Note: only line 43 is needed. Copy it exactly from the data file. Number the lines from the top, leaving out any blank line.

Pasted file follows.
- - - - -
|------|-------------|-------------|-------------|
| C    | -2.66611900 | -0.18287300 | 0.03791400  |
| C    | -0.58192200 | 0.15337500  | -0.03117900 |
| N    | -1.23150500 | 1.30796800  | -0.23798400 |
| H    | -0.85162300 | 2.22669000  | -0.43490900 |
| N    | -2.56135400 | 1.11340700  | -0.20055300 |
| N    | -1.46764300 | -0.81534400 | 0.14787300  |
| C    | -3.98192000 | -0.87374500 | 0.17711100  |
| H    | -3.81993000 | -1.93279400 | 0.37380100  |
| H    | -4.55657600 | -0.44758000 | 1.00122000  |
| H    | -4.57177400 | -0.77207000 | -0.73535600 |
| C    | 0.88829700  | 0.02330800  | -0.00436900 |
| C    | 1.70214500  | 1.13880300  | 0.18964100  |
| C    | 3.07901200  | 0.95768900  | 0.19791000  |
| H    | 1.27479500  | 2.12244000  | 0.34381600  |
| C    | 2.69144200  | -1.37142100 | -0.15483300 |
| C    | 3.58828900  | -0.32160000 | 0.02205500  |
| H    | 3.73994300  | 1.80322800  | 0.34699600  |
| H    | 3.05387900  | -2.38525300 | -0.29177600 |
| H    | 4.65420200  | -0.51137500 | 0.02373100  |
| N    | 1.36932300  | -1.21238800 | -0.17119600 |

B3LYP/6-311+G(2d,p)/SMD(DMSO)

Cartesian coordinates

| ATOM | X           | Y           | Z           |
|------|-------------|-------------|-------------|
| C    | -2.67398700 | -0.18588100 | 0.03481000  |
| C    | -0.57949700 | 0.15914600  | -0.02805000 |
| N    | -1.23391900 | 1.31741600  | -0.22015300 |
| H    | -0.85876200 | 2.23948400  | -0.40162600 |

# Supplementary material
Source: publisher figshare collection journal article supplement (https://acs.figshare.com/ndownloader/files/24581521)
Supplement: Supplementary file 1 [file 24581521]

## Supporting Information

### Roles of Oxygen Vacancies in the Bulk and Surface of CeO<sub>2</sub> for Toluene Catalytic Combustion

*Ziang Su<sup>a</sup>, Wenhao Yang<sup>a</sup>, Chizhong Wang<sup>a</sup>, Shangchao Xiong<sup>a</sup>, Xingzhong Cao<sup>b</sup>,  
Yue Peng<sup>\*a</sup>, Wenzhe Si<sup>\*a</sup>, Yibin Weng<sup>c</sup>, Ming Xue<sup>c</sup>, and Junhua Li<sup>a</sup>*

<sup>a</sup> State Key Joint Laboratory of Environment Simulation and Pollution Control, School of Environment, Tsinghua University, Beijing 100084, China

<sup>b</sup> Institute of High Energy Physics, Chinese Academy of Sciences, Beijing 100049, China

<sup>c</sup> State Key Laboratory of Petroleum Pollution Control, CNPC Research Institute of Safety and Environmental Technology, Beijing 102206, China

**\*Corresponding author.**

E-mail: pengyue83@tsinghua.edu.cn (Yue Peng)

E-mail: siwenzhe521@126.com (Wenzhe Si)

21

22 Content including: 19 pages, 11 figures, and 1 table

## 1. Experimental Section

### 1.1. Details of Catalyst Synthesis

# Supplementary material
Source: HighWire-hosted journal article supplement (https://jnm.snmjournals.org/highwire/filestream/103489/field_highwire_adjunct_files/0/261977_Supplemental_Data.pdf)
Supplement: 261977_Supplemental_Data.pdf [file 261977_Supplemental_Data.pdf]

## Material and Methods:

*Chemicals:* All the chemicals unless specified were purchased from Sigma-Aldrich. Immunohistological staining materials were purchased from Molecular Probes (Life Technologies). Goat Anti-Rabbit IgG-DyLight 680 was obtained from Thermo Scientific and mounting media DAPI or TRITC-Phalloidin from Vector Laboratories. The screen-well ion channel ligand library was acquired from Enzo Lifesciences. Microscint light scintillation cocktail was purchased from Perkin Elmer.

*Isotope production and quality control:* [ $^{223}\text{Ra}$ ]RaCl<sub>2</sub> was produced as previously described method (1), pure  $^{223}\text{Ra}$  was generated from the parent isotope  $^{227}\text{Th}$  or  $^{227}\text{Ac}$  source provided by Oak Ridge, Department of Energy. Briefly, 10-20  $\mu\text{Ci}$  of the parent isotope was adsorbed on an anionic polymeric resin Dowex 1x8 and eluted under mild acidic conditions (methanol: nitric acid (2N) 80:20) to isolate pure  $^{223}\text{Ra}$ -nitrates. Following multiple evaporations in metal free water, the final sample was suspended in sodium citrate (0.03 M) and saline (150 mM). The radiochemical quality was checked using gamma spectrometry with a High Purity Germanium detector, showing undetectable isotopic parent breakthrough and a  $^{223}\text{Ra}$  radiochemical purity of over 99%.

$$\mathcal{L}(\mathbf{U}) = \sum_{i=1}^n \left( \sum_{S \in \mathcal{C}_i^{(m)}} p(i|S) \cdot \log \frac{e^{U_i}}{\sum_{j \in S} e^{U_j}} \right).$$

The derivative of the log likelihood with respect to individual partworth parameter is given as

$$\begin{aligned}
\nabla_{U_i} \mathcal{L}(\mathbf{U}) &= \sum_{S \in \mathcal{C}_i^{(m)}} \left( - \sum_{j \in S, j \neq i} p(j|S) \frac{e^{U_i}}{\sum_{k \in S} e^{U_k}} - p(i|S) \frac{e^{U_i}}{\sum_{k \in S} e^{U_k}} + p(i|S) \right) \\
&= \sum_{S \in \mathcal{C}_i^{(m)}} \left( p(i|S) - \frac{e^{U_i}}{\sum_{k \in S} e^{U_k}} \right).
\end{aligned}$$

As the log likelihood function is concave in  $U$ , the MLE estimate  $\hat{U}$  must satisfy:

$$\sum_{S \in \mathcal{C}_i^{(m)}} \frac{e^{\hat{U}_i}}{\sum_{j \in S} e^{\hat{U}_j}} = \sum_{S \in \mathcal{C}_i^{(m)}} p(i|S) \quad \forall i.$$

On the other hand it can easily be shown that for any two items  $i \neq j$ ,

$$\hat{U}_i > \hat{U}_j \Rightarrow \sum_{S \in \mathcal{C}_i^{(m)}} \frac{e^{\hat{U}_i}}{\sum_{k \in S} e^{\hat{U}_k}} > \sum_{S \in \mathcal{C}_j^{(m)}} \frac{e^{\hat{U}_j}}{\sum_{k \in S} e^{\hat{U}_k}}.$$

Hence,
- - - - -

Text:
21